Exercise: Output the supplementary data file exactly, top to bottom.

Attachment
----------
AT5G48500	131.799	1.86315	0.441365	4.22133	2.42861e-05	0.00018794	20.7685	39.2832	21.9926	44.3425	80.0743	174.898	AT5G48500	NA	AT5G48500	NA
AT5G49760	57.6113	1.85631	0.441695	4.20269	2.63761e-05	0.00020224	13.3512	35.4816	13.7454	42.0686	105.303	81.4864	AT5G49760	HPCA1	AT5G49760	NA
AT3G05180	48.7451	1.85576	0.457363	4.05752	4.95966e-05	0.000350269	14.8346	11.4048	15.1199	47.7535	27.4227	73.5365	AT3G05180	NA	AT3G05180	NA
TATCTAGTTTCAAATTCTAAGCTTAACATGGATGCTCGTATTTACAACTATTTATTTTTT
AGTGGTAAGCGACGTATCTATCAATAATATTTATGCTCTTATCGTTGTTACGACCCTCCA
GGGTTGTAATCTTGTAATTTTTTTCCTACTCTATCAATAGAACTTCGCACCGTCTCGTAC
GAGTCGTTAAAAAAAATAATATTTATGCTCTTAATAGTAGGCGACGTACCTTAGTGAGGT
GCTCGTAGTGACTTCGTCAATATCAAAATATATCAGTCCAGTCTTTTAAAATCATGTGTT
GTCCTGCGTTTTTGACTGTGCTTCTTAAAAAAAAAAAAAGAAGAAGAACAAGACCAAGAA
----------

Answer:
AT5G48500	131.799	1.86315	0.441365	4.22133	2.42861e-05	0.00018794	20.7685	39.2832	21.9926	44.3425	80.0743	174.898	AT5G48500	NA	AT5G48500	NA
AT5G49760	57.6113	1.85631	0.441695	4.20269	2.63761e-05	0.00020224	13.3512	35.4816	13.7454	42.0686	105.303	81.4864	AT5G49760	HPCA1	AT5G49760	NA
AT3G05180	48.7451	1.85576	0.457363	4.05752	4.95966e-05	0.000350269	14.8346	11.4048	15.1199	47.7535	27.4227	73.5365	AT3G05180	NA	AT3G05180	NA
TATCTAGTTTCAAATTCTAAGCTTAACATGGATGCTCGTATTTACAACTATTTATTTTTT
AGTGGTAAGCGACGTATCTATCAATAATATTTATGCTCTTATCGTTGTTACGACCCTCCA
GGGTTGTAATCTTGTAATTTTTTTCCTACTCTATCAATAGAACTTCGCACCGTCTCGTAC
GAGTCGTTAAAAAAAATAATATTTATGCTCTTAATAGTAGGCGACGTACCTTAGTGAGGT
GCTCGTAGTGACTTCGTCAATATCAAAATATATCAGTCCAGTCTTTTAAAATCATGTGTT
GTCCTGCGTTTTTGACTGTGCTTCTTAAAAAAAAAAAAAGAAGAAGAACAAGACCAAGAA